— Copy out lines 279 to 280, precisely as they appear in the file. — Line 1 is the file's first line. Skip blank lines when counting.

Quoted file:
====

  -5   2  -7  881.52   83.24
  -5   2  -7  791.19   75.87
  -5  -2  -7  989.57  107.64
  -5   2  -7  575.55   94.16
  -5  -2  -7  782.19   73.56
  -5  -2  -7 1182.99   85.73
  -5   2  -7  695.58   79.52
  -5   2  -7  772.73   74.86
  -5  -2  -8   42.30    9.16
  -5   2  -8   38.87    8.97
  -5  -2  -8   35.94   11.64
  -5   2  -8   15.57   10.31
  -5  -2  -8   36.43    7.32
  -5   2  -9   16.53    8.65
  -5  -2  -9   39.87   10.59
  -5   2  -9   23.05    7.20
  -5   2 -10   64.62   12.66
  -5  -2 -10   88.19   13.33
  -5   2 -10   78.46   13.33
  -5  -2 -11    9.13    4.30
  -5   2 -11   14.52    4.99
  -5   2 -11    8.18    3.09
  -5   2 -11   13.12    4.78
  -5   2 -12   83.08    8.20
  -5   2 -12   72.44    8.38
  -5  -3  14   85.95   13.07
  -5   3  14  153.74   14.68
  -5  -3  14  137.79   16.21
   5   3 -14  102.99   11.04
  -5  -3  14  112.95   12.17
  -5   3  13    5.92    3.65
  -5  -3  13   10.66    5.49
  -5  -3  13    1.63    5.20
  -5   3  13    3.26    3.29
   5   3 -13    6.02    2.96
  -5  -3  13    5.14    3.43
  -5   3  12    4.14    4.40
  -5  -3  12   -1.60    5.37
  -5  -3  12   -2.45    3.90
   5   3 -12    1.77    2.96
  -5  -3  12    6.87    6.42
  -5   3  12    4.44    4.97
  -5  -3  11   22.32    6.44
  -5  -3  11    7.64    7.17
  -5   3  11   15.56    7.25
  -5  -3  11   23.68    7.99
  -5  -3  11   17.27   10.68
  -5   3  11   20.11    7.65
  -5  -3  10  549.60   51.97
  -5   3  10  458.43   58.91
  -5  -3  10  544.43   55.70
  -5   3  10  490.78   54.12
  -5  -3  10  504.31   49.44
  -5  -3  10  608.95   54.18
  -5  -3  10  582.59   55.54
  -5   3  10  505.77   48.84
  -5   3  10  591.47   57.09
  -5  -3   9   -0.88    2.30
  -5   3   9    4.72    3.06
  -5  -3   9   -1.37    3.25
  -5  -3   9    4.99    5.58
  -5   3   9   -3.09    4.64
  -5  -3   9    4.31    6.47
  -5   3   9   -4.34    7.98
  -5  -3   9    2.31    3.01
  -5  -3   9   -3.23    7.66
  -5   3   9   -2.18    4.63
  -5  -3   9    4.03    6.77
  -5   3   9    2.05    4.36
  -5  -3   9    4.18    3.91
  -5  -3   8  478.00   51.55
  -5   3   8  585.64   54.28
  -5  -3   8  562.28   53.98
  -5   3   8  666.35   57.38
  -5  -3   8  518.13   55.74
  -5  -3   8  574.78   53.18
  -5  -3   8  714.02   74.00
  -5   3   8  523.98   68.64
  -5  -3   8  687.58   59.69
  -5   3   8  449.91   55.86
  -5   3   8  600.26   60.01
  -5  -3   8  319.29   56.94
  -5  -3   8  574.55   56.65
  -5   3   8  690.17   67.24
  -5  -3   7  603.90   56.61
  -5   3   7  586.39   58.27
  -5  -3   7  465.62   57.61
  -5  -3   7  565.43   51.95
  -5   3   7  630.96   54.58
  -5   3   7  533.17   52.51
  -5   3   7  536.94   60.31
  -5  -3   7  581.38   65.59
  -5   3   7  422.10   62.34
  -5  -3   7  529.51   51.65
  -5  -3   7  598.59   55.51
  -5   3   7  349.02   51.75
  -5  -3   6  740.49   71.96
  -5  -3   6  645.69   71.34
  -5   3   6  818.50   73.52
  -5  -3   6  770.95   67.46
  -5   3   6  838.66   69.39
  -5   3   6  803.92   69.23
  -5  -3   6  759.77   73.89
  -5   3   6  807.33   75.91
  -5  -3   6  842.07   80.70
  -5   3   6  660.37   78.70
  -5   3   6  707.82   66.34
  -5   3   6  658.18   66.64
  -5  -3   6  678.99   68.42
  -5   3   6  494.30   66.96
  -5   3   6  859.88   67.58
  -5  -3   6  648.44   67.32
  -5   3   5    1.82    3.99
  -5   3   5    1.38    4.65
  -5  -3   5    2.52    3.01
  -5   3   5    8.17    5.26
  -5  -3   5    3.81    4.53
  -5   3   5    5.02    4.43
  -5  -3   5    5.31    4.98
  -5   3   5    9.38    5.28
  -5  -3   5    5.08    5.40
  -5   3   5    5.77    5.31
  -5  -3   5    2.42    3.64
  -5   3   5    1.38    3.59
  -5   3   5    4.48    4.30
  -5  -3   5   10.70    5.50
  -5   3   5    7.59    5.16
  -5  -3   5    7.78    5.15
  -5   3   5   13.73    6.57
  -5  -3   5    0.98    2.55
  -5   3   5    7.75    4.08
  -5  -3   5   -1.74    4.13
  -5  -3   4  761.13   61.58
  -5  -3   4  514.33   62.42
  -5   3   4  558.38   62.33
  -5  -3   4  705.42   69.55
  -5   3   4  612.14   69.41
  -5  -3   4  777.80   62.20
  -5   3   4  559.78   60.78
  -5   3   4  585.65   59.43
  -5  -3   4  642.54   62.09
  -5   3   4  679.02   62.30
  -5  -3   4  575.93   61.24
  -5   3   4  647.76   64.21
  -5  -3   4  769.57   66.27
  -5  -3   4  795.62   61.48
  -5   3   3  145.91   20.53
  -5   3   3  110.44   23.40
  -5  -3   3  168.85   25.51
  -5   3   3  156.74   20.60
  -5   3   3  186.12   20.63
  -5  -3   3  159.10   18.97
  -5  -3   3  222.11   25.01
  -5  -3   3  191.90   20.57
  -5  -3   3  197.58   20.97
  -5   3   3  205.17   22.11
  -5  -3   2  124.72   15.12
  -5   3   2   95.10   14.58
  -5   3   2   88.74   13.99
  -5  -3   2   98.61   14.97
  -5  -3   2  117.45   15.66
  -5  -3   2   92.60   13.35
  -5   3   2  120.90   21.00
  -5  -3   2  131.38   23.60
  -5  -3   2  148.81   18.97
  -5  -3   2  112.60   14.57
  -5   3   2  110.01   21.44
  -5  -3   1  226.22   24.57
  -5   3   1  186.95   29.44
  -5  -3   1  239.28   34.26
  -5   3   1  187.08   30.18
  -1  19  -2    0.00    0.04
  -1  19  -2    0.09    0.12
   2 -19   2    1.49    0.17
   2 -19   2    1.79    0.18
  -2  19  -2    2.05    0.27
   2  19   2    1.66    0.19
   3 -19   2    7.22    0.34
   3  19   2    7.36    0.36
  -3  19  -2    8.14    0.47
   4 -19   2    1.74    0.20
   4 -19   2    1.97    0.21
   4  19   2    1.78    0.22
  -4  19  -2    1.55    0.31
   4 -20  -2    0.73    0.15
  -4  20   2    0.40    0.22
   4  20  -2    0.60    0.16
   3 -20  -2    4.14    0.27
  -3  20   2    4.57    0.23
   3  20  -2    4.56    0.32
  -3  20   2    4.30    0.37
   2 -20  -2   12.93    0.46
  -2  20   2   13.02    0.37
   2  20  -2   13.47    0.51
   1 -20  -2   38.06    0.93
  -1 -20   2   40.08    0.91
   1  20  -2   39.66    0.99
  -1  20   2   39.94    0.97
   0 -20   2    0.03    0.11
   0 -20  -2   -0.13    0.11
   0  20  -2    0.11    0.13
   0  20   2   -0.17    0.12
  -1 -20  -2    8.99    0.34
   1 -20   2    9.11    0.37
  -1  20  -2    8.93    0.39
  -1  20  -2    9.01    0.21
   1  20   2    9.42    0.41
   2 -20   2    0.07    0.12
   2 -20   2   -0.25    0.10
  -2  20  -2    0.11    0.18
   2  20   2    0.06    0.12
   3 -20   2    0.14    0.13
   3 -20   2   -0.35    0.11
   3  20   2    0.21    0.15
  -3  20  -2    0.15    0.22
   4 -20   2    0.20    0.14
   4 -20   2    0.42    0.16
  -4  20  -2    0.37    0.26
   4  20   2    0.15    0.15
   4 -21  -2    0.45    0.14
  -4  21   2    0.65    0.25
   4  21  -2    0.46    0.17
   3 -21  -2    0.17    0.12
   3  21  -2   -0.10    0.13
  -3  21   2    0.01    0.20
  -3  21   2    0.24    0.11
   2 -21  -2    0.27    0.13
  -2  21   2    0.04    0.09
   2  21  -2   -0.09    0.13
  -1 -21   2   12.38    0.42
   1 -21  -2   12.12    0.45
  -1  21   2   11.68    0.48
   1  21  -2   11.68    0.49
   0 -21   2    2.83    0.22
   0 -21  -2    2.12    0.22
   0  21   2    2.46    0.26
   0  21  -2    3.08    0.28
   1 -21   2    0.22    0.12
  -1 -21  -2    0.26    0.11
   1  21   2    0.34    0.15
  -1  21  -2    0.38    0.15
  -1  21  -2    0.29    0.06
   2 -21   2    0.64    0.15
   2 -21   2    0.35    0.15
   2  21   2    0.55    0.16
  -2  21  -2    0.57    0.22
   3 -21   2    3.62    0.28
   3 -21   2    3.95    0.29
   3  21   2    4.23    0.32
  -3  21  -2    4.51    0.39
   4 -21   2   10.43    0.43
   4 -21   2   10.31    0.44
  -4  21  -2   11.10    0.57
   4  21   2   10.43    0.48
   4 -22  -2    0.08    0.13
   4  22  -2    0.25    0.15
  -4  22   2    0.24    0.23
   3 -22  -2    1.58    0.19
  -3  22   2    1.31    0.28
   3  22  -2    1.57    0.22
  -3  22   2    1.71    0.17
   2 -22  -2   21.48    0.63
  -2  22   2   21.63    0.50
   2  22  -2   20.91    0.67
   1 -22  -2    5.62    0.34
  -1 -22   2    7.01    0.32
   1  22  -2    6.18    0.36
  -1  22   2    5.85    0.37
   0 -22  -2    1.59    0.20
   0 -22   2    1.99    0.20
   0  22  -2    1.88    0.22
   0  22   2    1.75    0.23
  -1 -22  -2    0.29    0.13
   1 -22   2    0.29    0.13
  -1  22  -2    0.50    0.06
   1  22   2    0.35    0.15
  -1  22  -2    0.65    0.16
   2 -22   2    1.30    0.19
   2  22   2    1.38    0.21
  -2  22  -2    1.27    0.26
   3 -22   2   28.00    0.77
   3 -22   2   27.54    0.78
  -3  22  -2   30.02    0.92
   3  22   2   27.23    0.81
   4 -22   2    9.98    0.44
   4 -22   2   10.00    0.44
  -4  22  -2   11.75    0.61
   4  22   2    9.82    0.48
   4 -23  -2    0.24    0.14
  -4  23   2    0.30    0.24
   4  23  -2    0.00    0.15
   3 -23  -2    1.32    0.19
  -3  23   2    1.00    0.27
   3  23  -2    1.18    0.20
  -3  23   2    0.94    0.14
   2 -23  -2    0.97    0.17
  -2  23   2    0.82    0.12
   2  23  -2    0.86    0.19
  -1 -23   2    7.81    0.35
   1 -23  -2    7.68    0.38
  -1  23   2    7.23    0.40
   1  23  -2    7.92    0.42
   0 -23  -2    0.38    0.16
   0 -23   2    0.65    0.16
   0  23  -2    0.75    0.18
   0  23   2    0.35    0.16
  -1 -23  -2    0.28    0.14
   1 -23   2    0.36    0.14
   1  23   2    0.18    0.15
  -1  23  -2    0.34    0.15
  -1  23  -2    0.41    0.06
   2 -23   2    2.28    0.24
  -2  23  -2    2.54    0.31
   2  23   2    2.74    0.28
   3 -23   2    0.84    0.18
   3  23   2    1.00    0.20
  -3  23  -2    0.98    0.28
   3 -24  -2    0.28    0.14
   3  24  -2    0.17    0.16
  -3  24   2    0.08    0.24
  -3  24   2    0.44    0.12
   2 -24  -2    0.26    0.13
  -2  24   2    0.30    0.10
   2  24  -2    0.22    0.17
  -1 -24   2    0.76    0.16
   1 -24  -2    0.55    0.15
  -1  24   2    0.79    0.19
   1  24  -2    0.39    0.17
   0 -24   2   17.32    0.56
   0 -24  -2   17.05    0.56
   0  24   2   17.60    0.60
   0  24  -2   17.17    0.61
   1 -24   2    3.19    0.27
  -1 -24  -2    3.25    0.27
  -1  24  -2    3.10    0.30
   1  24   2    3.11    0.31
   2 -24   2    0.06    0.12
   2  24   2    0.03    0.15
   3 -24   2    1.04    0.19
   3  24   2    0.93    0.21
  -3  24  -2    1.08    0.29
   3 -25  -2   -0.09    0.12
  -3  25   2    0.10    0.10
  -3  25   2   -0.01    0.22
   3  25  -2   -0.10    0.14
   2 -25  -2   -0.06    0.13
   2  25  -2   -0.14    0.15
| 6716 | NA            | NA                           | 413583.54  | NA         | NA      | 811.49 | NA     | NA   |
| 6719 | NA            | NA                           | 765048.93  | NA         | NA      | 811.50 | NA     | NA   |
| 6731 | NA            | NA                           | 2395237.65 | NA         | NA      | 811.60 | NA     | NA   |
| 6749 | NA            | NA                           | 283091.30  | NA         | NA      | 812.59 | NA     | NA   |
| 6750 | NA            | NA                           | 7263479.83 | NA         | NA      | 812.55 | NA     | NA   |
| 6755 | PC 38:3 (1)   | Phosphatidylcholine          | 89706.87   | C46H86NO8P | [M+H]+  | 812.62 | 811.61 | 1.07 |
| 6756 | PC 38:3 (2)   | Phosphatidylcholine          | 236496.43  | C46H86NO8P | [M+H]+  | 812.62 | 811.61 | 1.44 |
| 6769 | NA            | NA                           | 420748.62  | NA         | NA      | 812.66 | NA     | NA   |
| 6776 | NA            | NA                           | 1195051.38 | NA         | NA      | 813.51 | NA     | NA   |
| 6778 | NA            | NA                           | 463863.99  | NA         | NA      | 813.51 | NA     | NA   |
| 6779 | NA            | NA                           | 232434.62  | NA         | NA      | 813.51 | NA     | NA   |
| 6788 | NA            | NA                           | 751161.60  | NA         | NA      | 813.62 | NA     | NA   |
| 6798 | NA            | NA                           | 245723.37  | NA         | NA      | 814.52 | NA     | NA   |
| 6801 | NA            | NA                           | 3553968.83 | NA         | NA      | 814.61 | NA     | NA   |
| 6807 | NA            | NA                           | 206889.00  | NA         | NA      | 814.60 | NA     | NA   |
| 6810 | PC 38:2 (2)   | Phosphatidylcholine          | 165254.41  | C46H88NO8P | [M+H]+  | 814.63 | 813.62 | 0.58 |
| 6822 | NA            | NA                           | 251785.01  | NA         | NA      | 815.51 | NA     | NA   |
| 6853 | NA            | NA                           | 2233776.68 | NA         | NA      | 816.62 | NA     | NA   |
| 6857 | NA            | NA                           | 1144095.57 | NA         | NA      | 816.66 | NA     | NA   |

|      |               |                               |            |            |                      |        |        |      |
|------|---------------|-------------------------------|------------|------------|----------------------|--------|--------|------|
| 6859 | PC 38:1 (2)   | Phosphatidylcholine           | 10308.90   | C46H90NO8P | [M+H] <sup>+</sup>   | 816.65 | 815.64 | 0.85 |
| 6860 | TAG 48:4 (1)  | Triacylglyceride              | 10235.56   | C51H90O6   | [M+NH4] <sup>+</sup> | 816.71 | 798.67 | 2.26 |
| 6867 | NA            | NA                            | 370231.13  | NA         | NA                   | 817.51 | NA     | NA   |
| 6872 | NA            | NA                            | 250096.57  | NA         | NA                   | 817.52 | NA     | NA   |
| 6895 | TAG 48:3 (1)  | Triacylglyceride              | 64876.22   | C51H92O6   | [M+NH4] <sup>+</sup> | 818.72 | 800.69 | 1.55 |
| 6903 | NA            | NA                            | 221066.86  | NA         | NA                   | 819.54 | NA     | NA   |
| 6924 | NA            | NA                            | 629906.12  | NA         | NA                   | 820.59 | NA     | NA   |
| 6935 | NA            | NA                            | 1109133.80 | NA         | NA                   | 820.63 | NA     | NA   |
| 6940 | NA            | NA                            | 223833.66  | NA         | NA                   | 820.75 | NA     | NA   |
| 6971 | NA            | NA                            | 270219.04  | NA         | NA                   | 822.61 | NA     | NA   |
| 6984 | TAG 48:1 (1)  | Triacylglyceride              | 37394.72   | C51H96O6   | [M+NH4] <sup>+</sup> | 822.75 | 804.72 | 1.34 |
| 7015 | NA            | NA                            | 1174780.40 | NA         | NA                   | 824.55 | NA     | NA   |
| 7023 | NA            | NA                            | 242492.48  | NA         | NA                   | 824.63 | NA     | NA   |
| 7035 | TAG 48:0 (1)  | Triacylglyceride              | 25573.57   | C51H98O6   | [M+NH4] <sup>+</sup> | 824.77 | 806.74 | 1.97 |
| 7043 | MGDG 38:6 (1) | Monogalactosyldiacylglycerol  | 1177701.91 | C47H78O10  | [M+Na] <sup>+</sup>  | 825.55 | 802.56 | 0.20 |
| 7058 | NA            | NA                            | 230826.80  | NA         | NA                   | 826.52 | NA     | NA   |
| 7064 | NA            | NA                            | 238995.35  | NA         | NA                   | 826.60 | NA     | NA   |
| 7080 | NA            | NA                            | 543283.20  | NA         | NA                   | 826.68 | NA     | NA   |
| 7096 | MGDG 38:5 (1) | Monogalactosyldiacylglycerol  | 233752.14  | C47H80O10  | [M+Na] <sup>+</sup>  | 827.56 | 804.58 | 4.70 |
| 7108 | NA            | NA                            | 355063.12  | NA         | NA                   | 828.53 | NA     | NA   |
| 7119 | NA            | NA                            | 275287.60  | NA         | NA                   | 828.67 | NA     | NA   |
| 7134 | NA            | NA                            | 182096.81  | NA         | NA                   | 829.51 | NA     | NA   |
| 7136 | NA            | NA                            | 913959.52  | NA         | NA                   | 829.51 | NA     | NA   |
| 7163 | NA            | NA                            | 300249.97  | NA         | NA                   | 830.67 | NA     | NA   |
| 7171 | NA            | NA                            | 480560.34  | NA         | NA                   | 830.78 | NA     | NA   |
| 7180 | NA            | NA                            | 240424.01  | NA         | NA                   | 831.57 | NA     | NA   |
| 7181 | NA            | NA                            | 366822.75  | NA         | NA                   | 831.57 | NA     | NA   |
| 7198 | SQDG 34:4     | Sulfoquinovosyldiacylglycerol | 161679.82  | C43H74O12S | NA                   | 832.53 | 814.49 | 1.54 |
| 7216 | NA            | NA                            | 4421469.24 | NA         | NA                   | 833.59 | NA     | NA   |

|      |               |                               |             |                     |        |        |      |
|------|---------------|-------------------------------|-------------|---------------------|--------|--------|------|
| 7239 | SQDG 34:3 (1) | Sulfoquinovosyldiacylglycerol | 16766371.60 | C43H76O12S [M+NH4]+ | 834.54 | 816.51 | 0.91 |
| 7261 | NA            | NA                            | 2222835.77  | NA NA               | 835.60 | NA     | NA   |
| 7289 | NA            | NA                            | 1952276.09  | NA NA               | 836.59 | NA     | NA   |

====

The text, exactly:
   2  22   2    1.38    0.21
  -2  22  -2    1.27    0.26